The digits of the finger tree can be transformed into a list like so:[1]

type Digit a = One a | Two a a | Three a a a | Four a a a a

And so on the image, the top level has elements of type a, the next has elements of type Node a because the node in between the spine and leaves, and this would go on meaning in general that the nth level of the tree has elements of type a, or 2–3 trees of depth n. This means a sequence of n elements is represented by a tree of depth Θ(log n). Even better, an element d places from the nearest end is stored at a depth of Θ(log d) in the tree.[1]


Deque operations

Finger trees also make efficient deques. Whether the structure is persistent or not, all operations take Θ(1) amortized time. The analysis can be compared to Okasaki's implicit deques, the only difference being that the FingerTree type stores Nodes instead of pairs.[1]


Finger trees can be used to build other trees.[4] For example, a priority queue can be implemented by labeling the internal nodes by the minimum priority of its children in the tree, or an indexed list/array can be implemented with a labeling of nodes by the count of the leaves in their children. Other applications are random-access sequences, described below, ordered sequences, and interval trees.[1]

Finger trees can provide amortized O(1) pushing, reversing, popping, O(log n) append and split; and can be adapted to be indexed or ordered sequences. And like all functional data structures, it is inherently persistent; that is, older versions of the tree are always preserved.

Random-access sequences

Finger trees can efficiently implement random-access sequences. This should support fast positional operations including accessing the nth element and splitting a sequence at a certain position. To do this, we annotate the finger tree with sizes.[1]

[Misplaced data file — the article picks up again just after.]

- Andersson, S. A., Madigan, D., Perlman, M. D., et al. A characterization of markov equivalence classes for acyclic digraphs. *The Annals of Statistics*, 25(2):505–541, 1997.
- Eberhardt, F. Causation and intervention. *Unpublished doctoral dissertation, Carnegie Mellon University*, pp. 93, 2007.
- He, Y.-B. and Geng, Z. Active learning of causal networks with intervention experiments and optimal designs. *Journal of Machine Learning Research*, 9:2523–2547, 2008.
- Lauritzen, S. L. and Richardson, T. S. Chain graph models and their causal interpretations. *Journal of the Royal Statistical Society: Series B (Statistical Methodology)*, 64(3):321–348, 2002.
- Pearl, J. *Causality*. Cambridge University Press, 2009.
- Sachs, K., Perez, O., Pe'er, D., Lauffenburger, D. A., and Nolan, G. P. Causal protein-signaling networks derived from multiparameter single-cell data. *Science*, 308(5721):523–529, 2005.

newtype Size = Size{ getSize :: N }
  deriving (Eq, Ord)

instance Monoid Size where
   = Size 0
  Size m  Size n = Size (m + n)

The N is for natural numbers. The new type is needed because the type is the carrier of different monoids. Another new type is still needed for the elements in the sequence, shown below.

newtype Elem a = Elem{ getElem :: a }
newtype Seq a = Seq (FingerTree Size (Elem a))

instance Measured (Elem a) Size where
  ||Elem|| = Size 1

These lines of code show that instance works a base case for measuring the sizes and the elements are of size one. The use of newtypes doesn't cause a run-time penalty in Haskell because in a library, the Size and Elem types would be hidden from the user with wrapper functions.

With these changes, the length of a sequence can now be computed in constant time.

First publication

Finger trees were first published in 1977 by Leonidas J. Guibas,[5] and periodically refined since (e.g. a version using AVL trees,[6] non-lazy finger trees, simpler 2–3 finger trees shown here,[1] B-Trees and so on)


Finger trees have since been used in the Haskell core libraries (in the implementation of Data.Sequence), and an implementation in OCaml exists[7] which was derived from a proven-correct Coq implementation.[8] There is also a verified implementation in Isabelle (proof assistant) from which programs in Haskell and other (functional) languages can be generated.[9] Finger trees can be implemented with or without lazy evaluation,[10] but laziness allows for simpler implementations.

See also


  1. ^ a b c d e f g h i Hinze, Ralf; Paterson, Ross (2006), "Finger Trees: A Simple General-purpose Data Structure" (PDF), Journal of Functional Programming, 16 (2): 197–217, doi:10.1017/S0956796805005769, S2CID 6881581.
  2. ^ a b Gibiansky, Andrew. "Finger Trees - Andrew Gibiansky". Retrieved 2017-10-26.
  3. ^ "Finger Trees Done Right (I hope)". Good Math, Bad Math. Retrieved 2017-10-26.
  4. ^ Sarkar, Abhiroop. "Finger Tree - The ultimate data structure?". Retrieved 2017-10-26.
  5. ^ Guibas, L. J.; McCreight, E. M.; Plass, M. F.; Roberts, J. R. (1977), "A new representation for linear lists", Conference Record of the Ninth Annual ACM Symposium on Theory of Computing, pp. 49–60.
  6. ^ Tsakalidis, A. K. (1985), "AVL-trees for localized search", Information and Control, 67 (1–3): 173–194, doi:10.1016/S0019-9958(85)80034-6.
  7. ^ Caml Weekly News
  8. ^ Matthieu Sozeau :: Dependent Finger Trees in Coq
  9. ^ Nordhoff, Benedikt; Körner, Stefan; Lammich, Peter. "Finger Trees". Archive of Formal Proofs. Retrieved 26 November 2021.
  10. ^ Kaplan, H.; Tarjan, R. E. (1995), "Persistent lists with catenation via recursive slow-down", Proceedings of the Twenty-Seventh Annual ACM Symposium on the Theory of Computing, pp. 93–102.